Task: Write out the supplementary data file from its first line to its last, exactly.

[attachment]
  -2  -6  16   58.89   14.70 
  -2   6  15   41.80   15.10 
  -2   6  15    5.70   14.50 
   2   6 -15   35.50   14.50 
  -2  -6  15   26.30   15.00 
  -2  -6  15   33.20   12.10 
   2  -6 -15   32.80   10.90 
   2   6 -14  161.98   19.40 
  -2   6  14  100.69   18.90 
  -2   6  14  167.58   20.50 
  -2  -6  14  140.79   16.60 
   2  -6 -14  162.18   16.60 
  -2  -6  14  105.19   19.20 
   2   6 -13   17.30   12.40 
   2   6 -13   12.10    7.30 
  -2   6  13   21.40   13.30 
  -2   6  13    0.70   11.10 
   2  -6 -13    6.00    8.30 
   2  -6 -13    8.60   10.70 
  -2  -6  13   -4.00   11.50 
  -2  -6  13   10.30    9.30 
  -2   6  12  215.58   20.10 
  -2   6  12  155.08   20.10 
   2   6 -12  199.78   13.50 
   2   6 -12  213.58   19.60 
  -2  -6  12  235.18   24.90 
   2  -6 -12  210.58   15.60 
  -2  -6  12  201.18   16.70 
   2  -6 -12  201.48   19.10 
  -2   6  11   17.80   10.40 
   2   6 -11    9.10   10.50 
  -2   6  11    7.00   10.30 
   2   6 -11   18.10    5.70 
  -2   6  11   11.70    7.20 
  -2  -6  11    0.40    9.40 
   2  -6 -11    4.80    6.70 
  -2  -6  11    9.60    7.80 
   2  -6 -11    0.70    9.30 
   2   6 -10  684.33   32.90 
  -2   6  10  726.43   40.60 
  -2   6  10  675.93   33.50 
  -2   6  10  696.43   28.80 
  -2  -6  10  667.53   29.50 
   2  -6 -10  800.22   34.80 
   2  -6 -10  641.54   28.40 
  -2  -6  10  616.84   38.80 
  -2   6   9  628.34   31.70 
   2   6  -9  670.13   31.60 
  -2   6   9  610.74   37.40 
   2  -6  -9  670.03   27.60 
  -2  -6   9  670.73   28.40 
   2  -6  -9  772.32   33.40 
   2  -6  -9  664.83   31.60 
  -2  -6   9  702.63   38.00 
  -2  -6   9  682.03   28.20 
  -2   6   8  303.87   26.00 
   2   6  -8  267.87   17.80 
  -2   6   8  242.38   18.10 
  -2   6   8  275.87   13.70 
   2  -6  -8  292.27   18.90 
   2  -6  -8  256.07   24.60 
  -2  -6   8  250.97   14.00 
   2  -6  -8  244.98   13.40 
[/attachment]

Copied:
  -2  -6  16   58.89   14.70 
  -2   6  15   41.80   15.10 
  -2   6  15    5.70   14.50 
   2   6 -15   35.50   14.50 
  -2  -6  15   26.30   15.00 
  -2  -6  15   33.20   12.10 
   2  -6 -15   32.80   10.90 
   2   6 -14  161.98   19.40 
  -2   6  14  100.69   18.90 
  -2   6  14  167.58   20.50 
  -2  -6  14  140.79   16.60 
   2  -6 -14  162.18   16.60 
  -2  -6  14  105.19   19.20 
   2   6 -13   17.30   12.40 
   2   6 -13   12.10    7.30 
  -2   6  13   21.40   13.30 
  -2   6  13    0.70   11.10 
   2  -6 -13    6.00    8.30 
   2  -6 -13    8.60   10.70 
  -2  -6  13   -4.00   11.50 
  -2  -6  13   10.30    9.30 
  -2   6  12  215.58   20.10 
  -2   6  12  155.08   20.10 
   2   6 -12  199.78   13.50 
   2   6 -12  213.58   19.60 
  -2  -6  12  235.18   24.90 
   2  -6 -12  210.58   15.60 
  -2  -6  12  201.18   16.70 
   2  -6 -12  201.48   19.10 
  -2   6  11   17.80   10.40 
   2   6 -11    9.10   10.50 
  -2   6  11    7.00   10.30 
   2   6 -11   18.10    5.70 
  -2   6  11   11.70    7.20 
  -2  -6  11    0.40    9.40 
   2  -6 -11    4.80    6.70 
  -2  -6  11    9.60    7.80 
   2  -6 -11    0.70    9.30 
   2   6 -10  684.33   32.90 
  -2   6  10  726.43   40.60 
  -2   6  10  675.93   33.50 
  -2   6  10  696.43   28.80 
  -2  -6  10  667.53   29.50 
   2  -6 -10  800.22   34.80 
   2  -6 -10  641.54   28.40 
  -2  -6  10  616.84   38.80 
  -2   6   9  628.34   31.70 
   2   6  -9  670.13   31.60 
  -2   6   9  610.74   37.40 
   2  -6  -9  670.03   27.60 
  -2  -6   9  670.73   28.40 
   2  -6  -9  772.32   33.40 
   2  -6  -9  664.83   31.60 
  -2  -6   9  702.63   38.00 
  -2  -6   9  682.03   28.20 
  -2   6   8  303.87   26.00 
   2   6  -8  267.87   17.80 
  -2   6   8  242.38   18.10 
  -2   6   8  275.87   13.70 
   2  -6  -8  292.27   18.90 
   2  -6  -8  256.07   24.60 
  -2  -6   8  250.97   14.00 
   2  -6  -8  244.98   13.40 